Readers may remember a study from earlier this year that suggested that taking antioxidants canceled out some of the benefits of exercise. It seems that the reactive oxygen species themselves, which everyone's been assuming have to be fought, are actually being used to signal the body's metabolic changes.
Now there's another disturbing paper on a possible unintended effect of antioxidant therapy. Joan Brugge and her group at Harvard published last month on what happens to cells when they're detached from their normal environment. What's supposed to happen, everyone thought, is apoptosis, programmed cell death. Apoptosis, in fact, is supposed to be triggered most of the time when a cell detects that something has gone seriously wrong with its normal processes, and being detached from its normal signaling environment (and its normal blood supply) definitely qualifies. But cancer cells manage to dodge that difficulty, and since it's known that they also get around other apoptosis signals, it made sense that this was happening here, too.
But there have been some recent reports that cast doubt on apoptosis being the only route for detached cell death. This latest study confirms that, but goes on to a surprise. When this team blocked apoptotic processes, detached cells died anyway. A closer look suggested that the reason was, basically, starvation. The cells were deprived of nutrients after being dislocated, ran out of glucose, and that was that. This process could be stopped, though, if a known oncogene involved in glucose uptake (ERBB2) was activated, which suggests that one way a cancer cells survive their travels is by keeping their fuel supply going.
So far, so good - this all fits in well with what we already know about tumor cells. But this study found that there was another way to keep detached cells from dying: give them antioxidants. (They used either N-acetylcysteine or a water-soluble Vitamin E derivative). It appears that oxidative stress is one thing that's helping to kill off wandering cells. On top of this effect, reactive oxygen species also seem to be inhibiting another possible energy source, fatty acid oxidation. Take away the reactive oxygen species, and the cells are suddenly under less pressure and have access to a new food source. (Here's a commentary in Nature that goes over all this in more detail, and here's one from The Scientist).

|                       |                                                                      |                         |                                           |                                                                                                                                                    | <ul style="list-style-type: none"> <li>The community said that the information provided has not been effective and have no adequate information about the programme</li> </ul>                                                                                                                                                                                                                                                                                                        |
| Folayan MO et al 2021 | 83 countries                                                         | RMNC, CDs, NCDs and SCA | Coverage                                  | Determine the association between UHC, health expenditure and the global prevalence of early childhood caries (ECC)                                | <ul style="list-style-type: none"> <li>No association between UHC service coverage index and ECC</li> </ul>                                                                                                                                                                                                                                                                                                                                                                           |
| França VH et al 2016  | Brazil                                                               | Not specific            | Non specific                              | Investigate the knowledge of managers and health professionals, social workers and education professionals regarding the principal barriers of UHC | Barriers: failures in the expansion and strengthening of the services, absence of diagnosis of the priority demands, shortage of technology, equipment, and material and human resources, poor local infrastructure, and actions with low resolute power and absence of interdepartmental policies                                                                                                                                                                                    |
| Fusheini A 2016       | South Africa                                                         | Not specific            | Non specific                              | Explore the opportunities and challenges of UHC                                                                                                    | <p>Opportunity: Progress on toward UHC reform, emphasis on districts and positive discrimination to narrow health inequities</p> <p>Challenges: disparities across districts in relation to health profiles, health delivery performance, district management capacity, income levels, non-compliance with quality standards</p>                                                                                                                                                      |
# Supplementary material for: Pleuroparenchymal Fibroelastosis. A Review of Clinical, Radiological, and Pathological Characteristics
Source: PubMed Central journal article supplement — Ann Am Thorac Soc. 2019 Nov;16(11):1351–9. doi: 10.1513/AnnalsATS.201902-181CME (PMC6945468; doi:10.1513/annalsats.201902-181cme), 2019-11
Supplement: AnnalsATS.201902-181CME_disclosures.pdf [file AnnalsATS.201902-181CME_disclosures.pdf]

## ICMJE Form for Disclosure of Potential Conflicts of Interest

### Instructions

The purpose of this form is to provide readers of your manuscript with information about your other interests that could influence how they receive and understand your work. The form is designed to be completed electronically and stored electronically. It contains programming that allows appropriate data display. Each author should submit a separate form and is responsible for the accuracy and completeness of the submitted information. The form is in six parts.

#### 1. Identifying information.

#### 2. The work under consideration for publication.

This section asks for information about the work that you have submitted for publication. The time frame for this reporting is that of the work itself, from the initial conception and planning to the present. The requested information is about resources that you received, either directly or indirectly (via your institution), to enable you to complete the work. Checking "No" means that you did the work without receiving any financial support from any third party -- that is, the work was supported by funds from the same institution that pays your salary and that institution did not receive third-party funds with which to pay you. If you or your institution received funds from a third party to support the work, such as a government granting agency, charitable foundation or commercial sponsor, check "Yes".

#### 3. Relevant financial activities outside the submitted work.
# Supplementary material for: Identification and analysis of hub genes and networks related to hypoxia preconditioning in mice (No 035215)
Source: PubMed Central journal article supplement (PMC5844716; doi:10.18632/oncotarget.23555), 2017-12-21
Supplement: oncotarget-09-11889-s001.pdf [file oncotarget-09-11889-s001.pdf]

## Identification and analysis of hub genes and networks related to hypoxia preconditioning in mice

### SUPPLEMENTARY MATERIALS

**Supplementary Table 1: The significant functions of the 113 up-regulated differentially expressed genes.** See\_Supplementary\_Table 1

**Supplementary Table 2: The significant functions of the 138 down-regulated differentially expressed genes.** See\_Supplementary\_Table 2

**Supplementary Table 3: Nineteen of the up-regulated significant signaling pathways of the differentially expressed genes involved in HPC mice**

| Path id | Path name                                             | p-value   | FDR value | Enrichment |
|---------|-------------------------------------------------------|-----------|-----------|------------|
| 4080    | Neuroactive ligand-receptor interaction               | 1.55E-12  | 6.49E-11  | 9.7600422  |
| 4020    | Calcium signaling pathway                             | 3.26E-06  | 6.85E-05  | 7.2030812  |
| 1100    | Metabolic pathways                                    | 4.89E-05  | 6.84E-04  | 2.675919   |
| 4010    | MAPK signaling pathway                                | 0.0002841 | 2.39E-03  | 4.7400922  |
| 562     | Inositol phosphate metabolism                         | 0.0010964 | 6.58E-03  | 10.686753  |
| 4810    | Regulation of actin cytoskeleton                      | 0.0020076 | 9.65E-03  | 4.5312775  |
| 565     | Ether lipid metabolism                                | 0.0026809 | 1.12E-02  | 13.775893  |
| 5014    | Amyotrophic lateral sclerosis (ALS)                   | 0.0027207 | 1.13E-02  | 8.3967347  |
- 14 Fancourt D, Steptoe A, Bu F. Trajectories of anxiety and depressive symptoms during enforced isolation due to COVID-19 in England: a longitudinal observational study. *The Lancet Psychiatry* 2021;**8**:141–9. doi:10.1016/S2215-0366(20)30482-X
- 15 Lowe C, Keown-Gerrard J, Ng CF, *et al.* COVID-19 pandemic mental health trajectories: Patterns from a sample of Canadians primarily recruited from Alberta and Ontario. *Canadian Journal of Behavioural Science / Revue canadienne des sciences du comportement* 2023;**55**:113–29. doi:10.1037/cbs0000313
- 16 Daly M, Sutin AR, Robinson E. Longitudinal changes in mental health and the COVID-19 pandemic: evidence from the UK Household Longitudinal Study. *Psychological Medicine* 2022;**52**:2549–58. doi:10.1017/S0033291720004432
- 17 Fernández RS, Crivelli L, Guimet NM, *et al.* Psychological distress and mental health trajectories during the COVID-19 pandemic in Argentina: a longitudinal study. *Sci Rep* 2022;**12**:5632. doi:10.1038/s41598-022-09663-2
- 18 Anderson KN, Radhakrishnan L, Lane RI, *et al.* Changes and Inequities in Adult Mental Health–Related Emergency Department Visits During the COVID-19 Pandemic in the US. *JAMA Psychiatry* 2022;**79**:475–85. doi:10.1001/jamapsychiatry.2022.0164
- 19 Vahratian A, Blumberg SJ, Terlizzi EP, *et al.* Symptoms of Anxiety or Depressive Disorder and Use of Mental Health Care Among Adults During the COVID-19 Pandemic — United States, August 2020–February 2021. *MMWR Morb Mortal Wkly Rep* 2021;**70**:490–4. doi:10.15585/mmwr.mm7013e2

They went on to use some good fluorescence microscopy techniques to show that these differences in reactive oxygen species are found in tumor cell cultures. There are notable metabolic differences between the outer cells of a cultured tumor growth and its inner cells (the ones that can't get so much glucose), but that difference can be smoothed out by. . .antioxidants. The normal process is for the central cells in such growths to eventually die off (luminal clearance), but antioxidant treatment kept this from happening. Even more alarmingly, they showed that tumor cells expressing various oncogenes colonized an in vitro cell growth matrix much more effectively in the presence of antioxidants as well.
This looks like a very strong paper to me; there's a lot of work in it and a lot of information. Taken together, these results suggest a number of immediate questions. Is there something that shuts down normal glucose uptake when a cell is detached, and is this another general cell-suicide mechanism? How exactly does oxidative stress keep these cells from using their fatty acid oxidation pathway? (And how does that relate to normally positioned cells, in which fatty acid oxidation is actually supposed to kick in when glucose supplies go down?)
The biggest questions, though, are the most immediate: first, does it make any sense at all to give antioxidants to cancer patients? Right now, I'd very much have to wonder. And second, could taking antioxidants actually have a long-term cancer-promoting effect under normal conditions? I'd very much like to know that one, and so would a lot of other people.
After this and that exercise study, I'm honestly starting to think that oxidative stress has been getting an undeserved bad press over the years. Have we had things totally turned around?